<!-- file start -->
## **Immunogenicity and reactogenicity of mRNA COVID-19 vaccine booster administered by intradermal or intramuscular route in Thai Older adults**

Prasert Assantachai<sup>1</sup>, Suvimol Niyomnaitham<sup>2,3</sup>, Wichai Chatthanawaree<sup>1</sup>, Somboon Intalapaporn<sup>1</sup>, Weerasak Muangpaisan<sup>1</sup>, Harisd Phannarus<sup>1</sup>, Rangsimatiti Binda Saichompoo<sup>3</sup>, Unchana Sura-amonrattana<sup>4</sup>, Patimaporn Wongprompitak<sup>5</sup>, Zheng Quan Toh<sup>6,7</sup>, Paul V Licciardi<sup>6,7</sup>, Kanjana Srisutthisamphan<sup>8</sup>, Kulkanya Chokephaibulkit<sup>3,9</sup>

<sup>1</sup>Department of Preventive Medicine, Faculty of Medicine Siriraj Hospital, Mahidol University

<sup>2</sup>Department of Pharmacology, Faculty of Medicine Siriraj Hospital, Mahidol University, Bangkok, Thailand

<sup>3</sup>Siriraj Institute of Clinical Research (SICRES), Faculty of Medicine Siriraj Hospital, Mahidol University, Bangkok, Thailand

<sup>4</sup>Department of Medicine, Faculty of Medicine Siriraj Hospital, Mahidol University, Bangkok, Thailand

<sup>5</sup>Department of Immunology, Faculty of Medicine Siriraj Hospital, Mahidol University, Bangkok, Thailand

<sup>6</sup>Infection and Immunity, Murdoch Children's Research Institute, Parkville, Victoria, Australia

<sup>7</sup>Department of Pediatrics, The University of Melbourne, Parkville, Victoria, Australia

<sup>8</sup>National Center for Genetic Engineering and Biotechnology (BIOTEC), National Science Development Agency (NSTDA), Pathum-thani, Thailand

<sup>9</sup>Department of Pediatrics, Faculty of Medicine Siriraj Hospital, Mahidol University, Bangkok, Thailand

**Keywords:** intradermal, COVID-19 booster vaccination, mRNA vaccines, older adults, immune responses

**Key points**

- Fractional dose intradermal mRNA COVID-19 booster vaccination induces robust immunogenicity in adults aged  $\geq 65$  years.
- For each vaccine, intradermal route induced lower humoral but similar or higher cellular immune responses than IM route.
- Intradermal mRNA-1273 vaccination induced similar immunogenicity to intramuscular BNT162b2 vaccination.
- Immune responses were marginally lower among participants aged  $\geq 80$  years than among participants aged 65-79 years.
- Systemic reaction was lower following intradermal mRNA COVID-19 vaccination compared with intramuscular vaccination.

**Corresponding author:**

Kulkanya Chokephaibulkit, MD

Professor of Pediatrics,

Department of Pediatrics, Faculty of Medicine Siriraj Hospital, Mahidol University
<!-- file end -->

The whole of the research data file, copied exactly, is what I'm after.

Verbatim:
## **Immunogenicity and reactogenicity of mRNA COVID-19 vaccine booster administered by intradermal or intramuscular route in Thai Older adults**

Prasert Assantachai<sup>1</sup>, Suvimol Niyomnaitham<sup>2,3</sup>, Wichai Chatthanawaree<sup>1</sup>, Somboon Intalapaporn<sup>1</sup>, Weerasak Muangpaisan<sup>1</sup>, Harisd Phannarus<sup>1</sup>, Rangsimatiti Binda Saichompoo<sup>3</sup>, Unchana Sura-amonrattana<sup>4</sup>, Patimaporn Wongprompitak<sup>5</sup>, Zheng Quan Toh<sup>6,7</sup>, Paul V Licciardi<sup>6,7</sup>, Kanjana Srisutthisamphan<sup>8</sup>, Kulkanya Chokephaibulkit<sup>3,9</sup>

<sup>1</sup>Department of Preventive Medicine, Faculty of Medicine Siriraj Hospital, Mahidol University

<sup>2</sup>Department of Pharmacology, Faculty of Medicine Siriraj Hospital, Mahidol University, Bangkok, Thailand

<sup>3</sup>Siriraj Institute of Clinical Research (SICRES), Faculty of Medicine Siriraj Hospital, Mahidol University, Bangkok, Thailand

<sup>4</sup>Department of Medicine, Faculty of Medicine Siriraj Hospital, Mahidol University, Bangkok, Thailand

<sup>5</sup>Department of Immunology, Faculty of Medicine Siriraj Hospital, Mahidol University, Bangkok, Thailand

<sup>6</sup>Infection and Immunity, Murdoch Children's Research Institute, Parkville, Victoria, Australia

<sup>7</sup>Department of Pediatrics, The University of Melbourne, Parkville, Victoria, Australia

<sup>8</sup>National Center for Genetic Engineering and Biotechnology (BIOTEC), National Science Development Agency (NSTDA), Pathum-thani, Thailand

<sup>9</sup>Department of Pediatrics, Faculty of Medicine Siriraj Hospital, Mahidol University, Bangkok, Thailand

**Keywords:** intradermal, COVID-19 booster vaccination, mRNA vaccines, older adults, immune responses

**Key points**

- Fractional dose intradermal mRNA COVID-19 booster vaccination induces robust immunogenicity in adults aged  $\geq 65$  years.
- For each vaccine, intradermal route induced lower humoral but similar or higher cellular immune responses than IM route.
- Intradermal mRNA-1273 vaccination induced similar immunogenicity to intramuscular BNT162b2 vaccination.
- Immune responses were marginally lower among participants aged  $\geq 80$  years than among participants aged 65-79 years.
- Systemic reaction was lower following intradermal mRNA COVID-19 vaccination compared with intramuscular vaccination.

**Corresponding author:**

Kulkanya Chokephaibulkit, MD

Professor of Pediatrics,

Department of Pediatrics, Faculty of Medicine Siriraj Hospital, Mahidol University